21 Chapel Market
020 7278 8100
I'm going to attempt to coin a new phrase. I'm going to start talking about the New India Cuisine as if it's a real thing and see if it catches on.
In the not-so-distant past, Indian restaurateurs in London had to make a choice between pandering to the bhaji-and-beer, masala-and-farts British palate or make Indian food for Indians; all laminated menus, strip lighting and steel katoris on Formica tables. There have also, of course, been ill-advised experiments in faddish fusion (wasn't Indian tapas meant to be the food of the 21st century?), and there still exist some colonial throwbacks that unashamedly hawk Last Days of the Raj experiences to Last Night of the Proms audiences. The overrated Bombay Brasserie comes to mind.
But the New India Cuisine is different. It's not just about the food. It's about confidence, humour, pride, nostalgia and a sense of what it means to be Indian in the 21st century. When it comes to food, the NIC trio - Mooli's, Dishoom and Delhi Grill - aren't exactly ripping up the rulebook. Mooli's doesn't strive for authenticity - a mooli is essentially a burrito made with paratha or roti - but the Soho eatery is guided by the principles of good, old-fashioned Indian cooking. Dishoom takes its culinary cues from the old Irani cafes of Bombay, and the cooks at Delhi Grill are sworn to traditional recipes. They want to run a dhaba, an honest, straightforward local restaurant. And as any in-the-know Islingtonite will tell you, they're succeeding.
The India of the NIC trio isn't deferential, diluted or embarrassed. The British palate is becoming more adventurous - we can no longer order a chicken tikka masala without it feeling like an attempt at irony - and as India becomes a major global player in the 21st century, there's greater confidence in the quality of Indian goods and services. Opening an Indian restaurant in the UK is no longer something only first generation immigrants did because their options were limited. These are second- and third-gen British-Asians choosing to open Indian restaurants because they're passionate and proud of their heritage and their food.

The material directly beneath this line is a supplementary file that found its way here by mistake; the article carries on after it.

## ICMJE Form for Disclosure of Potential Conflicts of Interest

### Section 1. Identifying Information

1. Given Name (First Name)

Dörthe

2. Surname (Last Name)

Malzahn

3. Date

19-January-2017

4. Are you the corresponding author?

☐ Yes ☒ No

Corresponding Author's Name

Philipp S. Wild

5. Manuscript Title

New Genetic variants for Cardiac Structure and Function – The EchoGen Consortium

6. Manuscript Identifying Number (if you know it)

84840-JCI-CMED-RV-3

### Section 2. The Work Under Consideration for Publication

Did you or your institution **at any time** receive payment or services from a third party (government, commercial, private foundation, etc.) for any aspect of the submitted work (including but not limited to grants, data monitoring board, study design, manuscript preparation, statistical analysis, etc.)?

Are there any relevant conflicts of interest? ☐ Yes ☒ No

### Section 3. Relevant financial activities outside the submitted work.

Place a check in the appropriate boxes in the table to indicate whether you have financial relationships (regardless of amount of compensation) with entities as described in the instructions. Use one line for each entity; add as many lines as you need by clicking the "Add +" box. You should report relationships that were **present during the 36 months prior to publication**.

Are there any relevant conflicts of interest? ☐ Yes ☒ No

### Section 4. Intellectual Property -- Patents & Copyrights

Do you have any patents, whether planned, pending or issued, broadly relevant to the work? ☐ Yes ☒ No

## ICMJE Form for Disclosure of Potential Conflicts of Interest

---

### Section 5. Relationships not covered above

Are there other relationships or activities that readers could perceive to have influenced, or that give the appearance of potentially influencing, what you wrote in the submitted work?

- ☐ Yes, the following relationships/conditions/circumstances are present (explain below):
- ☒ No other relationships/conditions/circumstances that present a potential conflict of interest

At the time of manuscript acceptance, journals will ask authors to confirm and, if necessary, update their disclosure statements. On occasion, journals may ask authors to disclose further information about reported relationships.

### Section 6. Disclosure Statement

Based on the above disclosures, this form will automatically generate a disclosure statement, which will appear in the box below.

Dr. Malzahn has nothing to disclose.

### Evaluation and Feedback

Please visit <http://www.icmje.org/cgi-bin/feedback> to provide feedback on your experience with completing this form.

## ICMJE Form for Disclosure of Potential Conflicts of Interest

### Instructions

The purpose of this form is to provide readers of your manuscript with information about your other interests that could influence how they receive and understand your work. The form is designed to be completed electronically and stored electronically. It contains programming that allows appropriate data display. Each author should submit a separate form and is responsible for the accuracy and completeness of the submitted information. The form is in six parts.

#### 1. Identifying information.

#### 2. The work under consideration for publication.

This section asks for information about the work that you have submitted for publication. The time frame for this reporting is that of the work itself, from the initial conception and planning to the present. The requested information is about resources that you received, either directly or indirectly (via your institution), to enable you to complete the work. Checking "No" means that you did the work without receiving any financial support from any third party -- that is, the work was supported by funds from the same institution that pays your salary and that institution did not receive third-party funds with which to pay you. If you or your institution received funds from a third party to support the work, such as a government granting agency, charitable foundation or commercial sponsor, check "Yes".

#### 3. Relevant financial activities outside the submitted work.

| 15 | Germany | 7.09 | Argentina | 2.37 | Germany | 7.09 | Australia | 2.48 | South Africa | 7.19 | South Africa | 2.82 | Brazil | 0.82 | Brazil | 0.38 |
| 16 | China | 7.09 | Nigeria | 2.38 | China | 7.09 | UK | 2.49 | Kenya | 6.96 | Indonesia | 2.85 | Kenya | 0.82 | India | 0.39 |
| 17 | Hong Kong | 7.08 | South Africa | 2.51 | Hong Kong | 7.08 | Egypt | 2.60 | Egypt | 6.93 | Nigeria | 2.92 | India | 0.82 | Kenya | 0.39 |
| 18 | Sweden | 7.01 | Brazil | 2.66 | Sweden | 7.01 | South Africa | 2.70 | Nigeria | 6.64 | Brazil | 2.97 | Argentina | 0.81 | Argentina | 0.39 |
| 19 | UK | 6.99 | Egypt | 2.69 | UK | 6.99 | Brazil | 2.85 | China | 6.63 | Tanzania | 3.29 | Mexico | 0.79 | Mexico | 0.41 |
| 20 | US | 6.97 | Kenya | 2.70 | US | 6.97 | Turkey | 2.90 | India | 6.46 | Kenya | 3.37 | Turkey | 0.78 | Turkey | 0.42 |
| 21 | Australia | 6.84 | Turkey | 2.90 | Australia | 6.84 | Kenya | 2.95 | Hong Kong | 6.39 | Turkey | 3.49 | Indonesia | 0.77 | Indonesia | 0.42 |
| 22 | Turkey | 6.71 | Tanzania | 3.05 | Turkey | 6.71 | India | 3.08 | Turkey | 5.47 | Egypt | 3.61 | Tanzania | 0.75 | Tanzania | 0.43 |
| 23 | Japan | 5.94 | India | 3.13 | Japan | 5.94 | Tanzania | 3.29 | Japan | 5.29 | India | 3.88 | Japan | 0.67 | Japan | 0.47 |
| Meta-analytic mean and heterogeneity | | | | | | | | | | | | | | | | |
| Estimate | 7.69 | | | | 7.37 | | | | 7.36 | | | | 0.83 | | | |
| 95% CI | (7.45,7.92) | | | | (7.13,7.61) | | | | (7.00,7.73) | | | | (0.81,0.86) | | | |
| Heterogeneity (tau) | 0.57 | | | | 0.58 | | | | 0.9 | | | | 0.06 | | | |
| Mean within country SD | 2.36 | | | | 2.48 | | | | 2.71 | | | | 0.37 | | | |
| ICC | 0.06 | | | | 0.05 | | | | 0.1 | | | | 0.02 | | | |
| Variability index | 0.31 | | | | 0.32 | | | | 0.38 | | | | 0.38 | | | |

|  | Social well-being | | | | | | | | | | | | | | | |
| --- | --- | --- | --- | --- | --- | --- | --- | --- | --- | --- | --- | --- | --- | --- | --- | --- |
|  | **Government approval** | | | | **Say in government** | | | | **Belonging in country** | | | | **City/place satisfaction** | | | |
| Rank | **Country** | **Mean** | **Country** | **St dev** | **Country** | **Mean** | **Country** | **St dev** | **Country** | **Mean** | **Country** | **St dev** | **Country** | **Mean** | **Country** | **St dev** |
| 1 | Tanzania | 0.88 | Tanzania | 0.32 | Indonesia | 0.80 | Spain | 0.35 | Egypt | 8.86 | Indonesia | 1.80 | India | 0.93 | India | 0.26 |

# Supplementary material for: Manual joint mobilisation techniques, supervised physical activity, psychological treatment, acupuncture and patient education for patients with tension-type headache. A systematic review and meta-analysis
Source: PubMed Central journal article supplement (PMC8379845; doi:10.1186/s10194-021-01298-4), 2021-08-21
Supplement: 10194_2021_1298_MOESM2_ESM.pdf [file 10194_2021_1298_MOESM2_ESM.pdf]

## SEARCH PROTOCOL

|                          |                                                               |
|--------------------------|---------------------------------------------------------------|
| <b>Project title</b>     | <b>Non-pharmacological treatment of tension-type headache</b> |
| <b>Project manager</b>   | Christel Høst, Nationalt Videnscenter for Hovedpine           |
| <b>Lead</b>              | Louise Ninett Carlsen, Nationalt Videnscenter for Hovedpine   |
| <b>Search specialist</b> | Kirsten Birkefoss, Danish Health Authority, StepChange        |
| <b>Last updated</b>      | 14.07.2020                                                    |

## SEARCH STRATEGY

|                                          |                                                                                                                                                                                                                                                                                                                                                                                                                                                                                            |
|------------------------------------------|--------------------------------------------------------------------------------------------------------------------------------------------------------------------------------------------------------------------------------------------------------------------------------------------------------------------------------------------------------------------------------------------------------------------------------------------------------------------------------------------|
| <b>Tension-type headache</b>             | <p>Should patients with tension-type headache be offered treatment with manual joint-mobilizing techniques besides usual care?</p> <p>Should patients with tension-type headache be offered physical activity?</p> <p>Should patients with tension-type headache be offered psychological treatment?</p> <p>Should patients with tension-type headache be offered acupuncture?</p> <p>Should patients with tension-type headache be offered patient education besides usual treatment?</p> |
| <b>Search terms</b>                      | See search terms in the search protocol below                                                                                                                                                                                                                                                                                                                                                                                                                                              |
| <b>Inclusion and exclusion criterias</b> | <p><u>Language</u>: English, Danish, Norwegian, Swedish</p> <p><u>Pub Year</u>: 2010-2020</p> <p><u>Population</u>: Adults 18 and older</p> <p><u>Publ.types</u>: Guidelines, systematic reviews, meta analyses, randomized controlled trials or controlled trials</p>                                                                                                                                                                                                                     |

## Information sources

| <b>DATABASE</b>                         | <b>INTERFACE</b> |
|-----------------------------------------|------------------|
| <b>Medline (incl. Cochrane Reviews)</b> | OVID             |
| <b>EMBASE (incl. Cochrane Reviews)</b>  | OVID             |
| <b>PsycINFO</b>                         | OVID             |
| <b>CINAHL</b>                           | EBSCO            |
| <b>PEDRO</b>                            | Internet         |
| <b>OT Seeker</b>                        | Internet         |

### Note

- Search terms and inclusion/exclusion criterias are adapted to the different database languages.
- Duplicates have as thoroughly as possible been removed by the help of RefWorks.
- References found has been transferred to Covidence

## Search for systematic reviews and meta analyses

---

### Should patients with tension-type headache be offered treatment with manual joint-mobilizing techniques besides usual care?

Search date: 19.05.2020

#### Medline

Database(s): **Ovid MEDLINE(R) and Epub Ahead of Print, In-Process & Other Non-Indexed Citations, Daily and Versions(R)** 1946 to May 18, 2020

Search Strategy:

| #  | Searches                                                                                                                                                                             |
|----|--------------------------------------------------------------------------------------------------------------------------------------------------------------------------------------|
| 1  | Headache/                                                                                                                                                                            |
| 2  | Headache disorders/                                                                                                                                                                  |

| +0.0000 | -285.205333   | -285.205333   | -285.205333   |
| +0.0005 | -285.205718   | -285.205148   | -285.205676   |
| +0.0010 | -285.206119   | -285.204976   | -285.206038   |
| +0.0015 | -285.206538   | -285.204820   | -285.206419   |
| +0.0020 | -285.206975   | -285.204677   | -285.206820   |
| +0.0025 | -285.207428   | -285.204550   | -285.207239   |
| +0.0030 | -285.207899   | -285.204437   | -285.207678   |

The chaps behind these restaurants are in their twenties and their thirties. They communicate with their customers through blogs and through Twitter. While the Brick Lane bunch slowly comes to terms with the downfall of Geocities, the NIC have the sort of gorgeous websites Shoreditch design firms would be proud of. And their restaurant interiors are equally stylish; they're not shy about reclaiming Indian kitsch from the stuff of tourist board cliché, with Bollywood posters, street signs, Times of India front pages and Hindu paraphernalia creating a sense of playfulness and fun.
The food is excellent at all three NIC restaurants, but Delhi Grill might just be the strongest of the bunch. The titular dish, featuring chicken tikka, sheekh kebabs and lamb chops, was glorious. The kebabs fizzed and dazzled with a marinade of garlic, coriander and garlic; the slow-cooked chops were tender to the touch, and the chicken tikka was tastier than chicken ever has the right to be. The chicken makhani was thick, buttery and subtly spiced, while the rice and bread were spot-on. We paid £17 for two - great value for money.
All hail the New India Cuisine. You heard it here first.
* The photo was taken by Libby, whose Ravenous Libby blog is marvellous.